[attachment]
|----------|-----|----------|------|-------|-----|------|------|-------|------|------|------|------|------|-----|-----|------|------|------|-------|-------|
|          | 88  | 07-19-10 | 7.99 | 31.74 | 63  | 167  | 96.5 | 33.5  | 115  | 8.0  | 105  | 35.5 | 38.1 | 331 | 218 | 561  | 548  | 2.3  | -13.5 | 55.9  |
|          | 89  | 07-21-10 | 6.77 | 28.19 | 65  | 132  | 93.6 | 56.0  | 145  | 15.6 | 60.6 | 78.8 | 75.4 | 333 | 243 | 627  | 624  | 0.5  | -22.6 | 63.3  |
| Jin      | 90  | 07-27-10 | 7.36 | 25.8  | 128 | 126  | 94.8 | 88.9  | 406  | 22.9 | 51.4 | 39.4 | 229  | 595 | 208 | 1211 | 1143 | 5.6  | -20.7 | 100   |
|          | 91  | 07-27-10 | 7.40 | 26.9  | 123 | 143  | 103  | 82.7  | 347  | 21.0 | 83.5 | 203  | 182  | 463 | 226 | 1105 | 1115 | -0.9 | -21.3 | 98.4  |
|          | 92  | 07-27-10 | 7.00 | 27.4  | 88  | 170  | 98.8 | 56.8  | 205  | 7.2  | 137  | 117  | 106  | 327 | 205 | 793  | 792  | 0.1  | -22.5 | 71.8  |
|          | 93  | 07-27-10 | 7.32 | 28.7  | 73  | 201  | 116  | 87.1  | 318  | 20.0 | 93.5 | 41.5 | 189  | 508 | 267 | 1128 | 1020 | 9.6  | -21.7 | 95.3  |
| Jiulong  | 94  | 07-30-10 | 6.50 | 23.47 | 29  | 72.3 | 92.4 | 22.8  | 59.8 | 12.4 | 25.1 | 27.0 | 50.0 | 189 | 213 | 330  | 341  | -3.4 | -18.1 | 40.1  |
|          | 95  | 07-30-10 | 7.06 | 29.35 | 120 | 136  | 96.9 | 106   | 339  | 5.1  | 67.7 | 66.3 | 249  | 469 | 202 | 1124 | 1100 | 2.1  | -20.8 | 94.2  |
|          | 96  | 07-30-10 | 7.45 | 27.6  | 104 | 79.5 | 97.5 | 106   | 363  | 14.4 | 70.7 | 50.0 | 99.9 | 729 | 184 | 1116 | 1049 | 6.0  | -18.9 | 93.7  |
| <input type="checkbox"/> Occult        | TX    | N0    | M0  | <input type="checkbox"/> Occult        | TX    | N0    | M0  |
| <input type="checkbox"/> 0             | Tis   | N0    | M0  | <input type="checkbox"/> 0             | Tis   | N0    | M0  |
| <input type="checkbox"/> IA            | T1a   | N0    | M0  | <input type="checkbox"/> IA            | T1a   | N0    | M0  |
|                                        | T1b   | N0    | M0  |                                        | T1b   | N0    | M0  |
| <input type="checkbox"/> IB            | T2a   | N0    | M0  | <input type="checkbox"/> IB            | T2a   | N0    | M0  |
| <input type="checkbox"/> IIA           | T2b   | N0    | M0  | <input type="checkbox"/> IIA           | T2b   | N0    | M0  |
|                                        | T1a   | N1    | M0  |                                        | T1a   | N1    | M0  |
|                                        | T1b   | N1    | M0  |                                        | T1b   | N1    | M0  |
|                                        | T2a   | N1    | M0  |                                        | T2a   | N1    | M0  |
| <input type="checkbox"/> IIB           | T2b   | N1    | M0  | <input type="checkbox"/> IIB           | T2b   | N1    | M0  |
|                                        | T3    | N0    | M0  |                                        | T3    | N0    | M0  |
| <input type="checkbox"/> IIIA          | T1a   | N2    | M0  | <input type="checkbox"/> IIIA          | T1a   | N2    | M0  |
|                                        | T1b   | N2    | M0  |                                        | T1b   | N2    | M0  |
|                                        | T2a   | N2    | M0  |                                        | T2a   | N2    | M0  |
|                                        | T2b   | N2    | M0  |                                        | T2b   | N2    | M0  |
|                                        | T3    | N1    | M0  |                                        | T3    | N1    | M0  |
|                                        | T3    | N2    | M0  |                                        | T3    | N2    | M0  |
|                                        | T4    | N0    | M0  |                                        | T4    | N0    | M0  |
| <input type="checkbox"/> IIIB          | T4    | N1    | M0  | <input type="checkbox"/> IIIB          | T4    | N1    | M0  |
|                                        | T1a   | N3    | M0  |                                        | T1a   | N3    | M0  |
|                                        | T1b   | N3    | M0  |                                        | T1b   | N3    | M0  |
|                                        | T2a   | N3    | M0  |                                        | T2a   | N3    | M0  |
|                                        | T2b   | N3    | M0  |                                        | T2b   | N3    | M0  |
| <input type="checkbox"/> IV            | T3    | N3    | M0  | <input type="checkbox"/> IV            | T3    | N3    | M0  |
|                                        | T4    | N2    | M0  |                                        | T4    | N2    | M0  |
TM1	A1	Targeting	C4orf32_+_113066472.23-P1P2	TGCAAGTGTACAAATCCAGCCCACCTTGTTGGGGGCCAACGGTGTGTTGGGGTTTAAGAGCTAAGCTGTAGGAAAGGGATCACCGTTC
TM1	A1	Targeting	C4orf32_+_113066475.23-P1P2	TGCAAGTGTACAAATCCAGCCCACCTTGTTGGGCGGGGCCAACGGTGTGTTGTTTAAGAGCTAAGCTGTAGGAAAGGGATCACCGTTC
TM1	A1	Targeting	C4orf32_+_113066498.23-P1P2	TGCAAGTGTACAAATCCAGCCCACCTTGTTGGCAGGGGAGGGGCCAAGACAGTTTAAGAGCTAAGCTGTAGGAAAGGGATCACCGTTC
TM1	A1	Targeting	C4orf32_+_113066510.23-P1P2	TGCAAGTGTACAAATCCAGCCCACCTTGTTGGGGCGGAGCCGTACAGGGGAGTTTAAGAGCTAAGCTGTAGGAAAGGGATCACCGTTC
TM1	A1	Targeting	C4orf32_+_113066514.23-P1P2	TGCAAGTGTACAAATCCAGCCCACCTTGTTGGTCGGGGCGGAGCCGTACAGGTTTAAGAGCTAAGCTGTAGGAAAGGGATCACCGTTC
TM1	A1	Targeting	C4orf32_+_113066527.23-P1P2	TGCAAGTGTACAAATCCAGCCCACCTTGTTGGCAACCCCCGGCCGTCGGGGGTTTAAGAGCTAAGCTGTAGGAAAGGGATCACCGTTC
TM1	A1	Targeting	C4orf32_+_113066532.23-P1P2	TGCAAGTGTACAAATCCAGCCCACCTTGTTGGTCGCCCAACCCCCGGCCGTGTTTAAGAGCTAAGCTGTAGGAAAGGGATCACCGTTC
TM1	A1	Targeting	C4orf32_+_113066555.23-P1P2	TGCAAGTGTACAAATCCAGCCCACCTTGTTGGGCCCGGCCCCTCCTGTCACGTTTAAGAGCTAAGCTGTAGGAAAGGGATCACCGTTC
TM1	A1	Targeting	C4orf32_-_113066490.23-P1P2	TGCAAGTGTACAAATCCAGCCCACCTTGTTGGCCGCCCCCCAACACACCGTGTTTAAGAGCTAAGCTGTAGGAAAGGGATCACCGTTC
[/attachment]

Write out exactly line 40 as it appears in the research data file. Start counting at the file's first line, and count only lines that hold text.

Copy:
TM1	A1	Targeting	C4orf32_+_113066514.23-P1P2	TGCAAGTGTACAAATCCAGCCCACCTTGTTGGTCGGGGCGGAGCCGTACAGGTTTAAGAGCTAAGCTGTAGGAAAGGGATCACCGTTC